DVB spoke to Yi Yi Sa, the Modern People’s Party’s Lower House candidate in Kawhmu Township, Rangoon Division, the same township as opposition leader Aung San Suu Kyi, about her campaign preparations and hopes for her constituency.
Red Flag communist leader Thakin Soe formed the Modern People’s Party (MPP), after the dissolution of the Unity and Development Party after the 1990 election. The MPP is fielding 25 candidates in the upcoming 8 November election – seven in the Lower House and 18 in regional parliaments.
Question: The 60-day election campaign period has officially kicked off. Where is the Modern People’s Party focusing their campaign?
Answer: We have launched campaigns in Rangoon, Irrawaddy and Pegu [Bago] divisions. On Thursday, 17 September, the MPP held campaign rallies in Rangoon’s Hlegu Township. I am currently campaigning in Kawhmu.
Q: In the 2012 by-elections, you ran as a candidate in Wakema, Irrawaddy Division. However, this year you are competing in Kawhmu. Why the change?
A: For background, the MPP evolved from the Unity and Development Party that ran in the 1990 election. Back then, the party’s joint-general secretary U Hla Myint stood as a candidate in the polls. In the 2010 election, the MPP fielded two candidates for the regional parliament, and one each for the upper and lower houses.
Initially, I had not planned to stand for election this year. However, some voters in Kawhmu approached me, and urged me to contest the seat. We had originally appointed another female party member, a lawyer, to stand as the candidate for Kawhmu. However, she was rather inexperienced, as she only had been involved in politics for about five or six years. At the last minute on 14 October, before the candidate submission deadline, I was appointed the candidate for Kawhmu, after the party’s central executive committee made the final decision.
Q: You will be facing off against four other candidates, including National League for Democracy (NLD) opposition leader Aung San Suu Kyi. How have you prepared for the election?
A: Freedom to participate in elections is a democratic right. In a democracy, everyone is entitled to choose a constituency. We consider what we can do for the country and people when we choose our constituencies; we do not base our decisions on who we will be facing.
Q: What do you think people in Kawhmu need the most?
A: People in Kawhmu rely on farming and taking on additional jobs for their livelihoods. If we can bring foreign investment and economic development to the region, we can create local jobs that provide security to the population.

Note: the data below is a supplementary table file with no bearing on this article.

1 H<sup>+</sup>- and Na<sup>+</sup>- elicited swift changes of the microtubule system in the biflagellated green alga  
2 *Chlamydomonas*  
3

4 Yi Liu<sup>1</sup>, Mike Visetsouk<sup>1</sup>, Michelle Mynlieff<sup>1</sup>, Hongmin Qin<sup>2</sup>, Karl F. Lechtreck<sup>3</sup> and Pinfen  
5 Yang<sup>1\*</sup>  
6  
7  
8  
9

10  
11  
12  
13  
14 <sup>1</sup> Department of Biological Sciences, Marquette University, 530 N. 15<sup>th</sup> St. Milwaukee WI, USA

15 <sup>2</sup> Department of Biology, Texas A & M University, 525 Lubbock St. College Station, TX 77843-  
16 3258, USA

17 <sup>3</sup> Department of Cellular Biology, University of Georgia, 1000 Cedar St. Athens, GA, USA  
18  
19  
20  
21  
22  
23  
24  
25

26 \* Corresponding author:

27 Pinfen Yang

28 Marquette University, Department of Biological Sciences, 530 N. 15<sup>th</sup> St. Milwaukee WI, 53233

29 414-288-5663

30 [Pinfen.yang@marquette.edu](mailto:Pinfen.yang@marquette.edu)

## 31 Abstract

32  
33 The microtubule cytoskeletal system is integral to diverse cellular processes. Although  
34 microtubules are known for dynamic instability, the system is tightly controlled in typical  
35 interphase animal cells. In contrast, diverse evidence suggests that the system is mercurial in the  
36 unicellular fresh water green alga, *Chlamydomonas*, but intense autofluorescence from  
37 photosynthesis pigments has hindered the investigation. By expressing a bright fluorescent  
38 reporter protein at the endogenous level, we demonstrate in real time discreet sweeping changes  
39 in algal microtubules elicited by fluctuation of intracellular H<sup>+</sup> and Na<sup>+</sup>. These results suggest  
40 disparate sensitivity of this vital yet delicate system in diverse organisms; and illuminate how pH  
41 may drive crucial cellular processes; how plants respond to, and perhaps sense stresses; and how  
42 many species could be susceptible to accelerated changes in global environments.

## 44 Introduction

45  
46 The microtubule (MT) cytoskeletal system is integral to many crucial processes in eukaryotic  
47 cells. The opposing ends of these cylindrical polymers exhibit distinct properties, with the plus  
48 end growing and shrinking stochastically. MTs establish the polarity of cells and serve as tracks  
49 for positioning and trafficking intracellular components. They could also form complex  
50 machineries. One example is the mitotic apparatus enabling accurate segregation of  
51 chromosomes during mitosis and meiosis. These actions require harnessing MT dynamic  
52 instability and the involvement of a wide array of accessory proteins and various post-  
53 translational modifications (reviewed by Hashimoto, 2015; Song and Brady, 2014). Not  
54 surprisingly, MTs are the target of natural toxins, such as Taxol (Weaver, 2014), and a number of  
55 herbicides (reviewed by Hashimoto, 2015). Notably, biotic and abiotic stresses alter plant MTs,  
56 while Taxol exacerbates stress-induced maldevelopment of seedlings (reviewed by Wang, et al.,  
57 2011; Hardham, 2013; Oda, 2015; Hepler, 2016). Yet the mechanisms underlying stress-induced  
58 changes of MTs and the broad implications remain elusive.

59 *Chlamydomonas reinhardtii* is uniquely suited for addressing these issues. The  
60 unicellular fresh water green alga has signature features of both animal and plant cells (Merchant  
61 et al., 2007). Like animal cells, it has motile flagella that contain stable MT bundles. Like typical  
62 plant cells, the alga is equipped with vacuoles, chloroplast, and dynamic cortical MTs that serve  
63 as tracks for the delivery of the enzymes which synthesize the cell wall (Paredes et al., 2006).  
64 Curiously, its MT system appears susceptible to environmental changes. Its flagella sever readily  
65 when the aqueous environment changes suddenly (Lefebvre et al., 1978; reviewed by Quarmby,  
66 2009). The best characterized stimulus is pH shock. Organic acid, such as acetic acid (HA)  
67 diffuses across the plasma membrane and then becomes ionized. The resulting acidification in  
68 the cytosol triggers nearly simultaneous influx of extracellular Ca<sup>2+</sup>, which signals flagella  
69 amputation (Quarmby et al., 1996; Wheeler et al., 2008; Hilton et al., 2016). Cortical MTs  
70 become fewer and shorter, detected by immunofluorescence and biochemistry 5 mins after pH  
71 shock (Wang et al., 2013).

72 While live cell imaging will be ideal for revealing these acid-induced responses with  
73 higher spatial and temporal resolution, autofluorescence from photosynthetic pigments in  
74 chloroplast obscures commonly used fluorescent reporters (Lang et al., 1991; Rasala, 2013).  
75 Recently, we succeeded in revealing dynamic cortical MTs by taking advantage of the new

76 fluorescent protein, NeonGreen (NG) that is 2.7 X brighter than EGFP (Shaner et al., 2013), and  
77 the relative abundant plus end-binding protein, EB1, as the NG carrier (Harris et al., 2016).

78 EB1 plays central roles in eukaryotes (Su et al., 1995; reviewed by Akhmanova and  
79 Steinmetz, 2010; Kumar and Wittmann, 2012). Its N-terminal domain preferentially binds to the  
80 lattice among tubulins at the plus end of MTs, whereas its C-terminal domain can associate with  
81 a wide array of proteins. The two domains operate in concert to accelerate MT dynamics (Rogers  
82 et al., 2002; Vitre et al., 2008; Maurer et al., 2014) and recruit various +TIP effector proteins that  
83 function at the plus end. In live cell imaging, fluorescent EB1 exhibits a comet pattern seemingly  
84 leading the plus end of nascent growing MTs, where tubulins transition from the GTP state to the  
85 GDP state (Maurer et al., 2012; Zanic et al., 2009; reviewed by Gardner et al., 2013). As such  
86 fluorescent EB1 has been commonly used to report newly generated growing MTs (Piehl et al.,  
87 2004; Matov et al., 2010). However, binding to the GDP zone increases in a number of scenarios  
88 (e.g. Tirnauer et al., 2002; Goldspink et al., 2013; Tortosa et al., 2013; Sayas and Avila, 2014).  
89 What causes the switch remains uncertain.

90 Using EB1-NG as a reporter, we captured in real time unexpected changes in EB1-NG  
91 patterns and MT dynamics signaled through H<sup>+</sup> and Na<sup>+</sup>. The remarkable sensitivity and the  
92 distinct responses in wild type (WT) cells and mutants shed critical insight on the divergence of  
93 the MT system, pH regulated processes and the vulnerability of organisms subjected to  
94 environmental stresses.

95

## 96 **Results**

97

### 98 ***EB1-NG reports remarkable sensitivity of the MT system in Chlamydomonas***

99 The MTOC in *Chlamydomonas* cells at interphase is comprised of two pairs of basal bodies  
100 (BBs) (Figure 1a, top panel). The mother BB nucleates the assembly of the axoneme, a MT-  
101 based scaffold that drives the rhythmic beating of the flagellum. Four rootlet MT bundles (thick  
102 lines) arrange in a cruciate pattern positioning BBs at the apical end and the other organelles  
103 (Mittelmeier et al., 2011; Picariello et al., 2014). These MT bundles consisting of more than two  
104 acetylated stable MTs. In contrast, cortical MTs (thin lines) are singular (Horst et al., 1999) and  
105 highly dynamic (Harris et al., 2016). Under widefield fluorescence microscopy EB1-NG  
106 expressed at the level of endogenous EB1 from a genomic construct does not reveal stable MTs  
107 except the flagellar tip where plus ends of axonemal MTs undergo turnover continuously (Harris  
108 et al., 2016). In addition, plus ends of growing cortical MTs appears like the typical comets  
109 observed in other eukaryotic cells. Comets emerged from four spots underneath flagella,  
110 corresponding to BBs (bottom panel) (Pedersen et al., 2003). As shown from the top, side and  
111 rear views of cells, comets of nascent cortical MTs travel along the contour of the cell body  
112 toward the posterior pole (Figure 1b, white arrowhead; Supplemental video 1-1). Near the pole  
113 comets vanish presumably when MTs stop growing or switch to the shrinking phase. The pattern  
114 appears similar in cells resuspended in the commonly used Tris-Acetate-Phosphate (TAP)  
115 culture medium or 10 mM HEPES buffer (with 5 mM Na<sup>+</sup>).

In addition, as most of the constituents are farmers, we should work to provide them with low-interest, long-term loans through the government banks.
Q: In past elections, the MPP has not won a single parliamentary seat. What have you learned from that to ensure a win this time?
A: It also had to do with the election commission. Our country was not very familiar with the democratic process back in 2010, and it was the first assignment for the Union Election Commission back then. There were a lot of irregularities and errors on top of many other things, which I think is why we didn’t win.
In the 2012 by-elections, the people of Burma were longing for a saviour – someone capable, to replace the existing government. They were hoping that a certain party who they saw as their saviour would be able to do better work. This kind of mentality, of desperately longing for a saviour, is common in impoverished countries with slow development. But we cannot blame the people for that.
As for the upcoming elections, it is hard to tell what the people have in their minds. But it is up for the consumers to decide whether a pudding is good or not, it is not for the pudding maker to decide. So we should let the people make their choice freely.
Q: Do you think the 2015 elections will be free and fair? What is your opinion on the irregularities in the most recent voter list?
A: I think the arrangement so far by the Union Election Commission is pretty thorough –they are taking advice from international polling experts and cooperating with civil societies and NGOs, as well as inviting these organisations to monitor the election, so I very much believe the upcoming elections will be free and fair.
Q: The MPP announced in its televised campaign speech their intention to gradually reduce number of military representatives in the parliament until there are no more. Why do you think this is necessary?
A: We believe that the military’s entitlement [in the 2008 Constitution] to 25 percent of parliamentary seats was meant as a means of preventing a military coup, as the country made its first steps towards democracy. But once we have a strong democracy, I don’t think the soldiers will want to stay in the parliament even if we beg them to. We believe that soldiers shouldn’t be in the parliament, as their main duty is to protect the country,
Q: If the MPP candidates win parliamentary seats, will they side with the ruling-USDP or the opposition?
A: We see everyone as our fellow country builder regardless of his or her party. But we shouldn’t hesitate to criticise anyone if necessary, however we will stick to constructive criticism. We are willing to work with anyone regardless of party for the good of the country and people.
USDP candidate Soe Tint won his seat in Kawhmu comfortably, with 42,176 votes. His closest rival from the National Unity Party, Ohn Thaun, received 13,944 votes.
Read an interview with NDP’s candidate for Kawhmu here.
Full DVB coverage of the 2015 election here.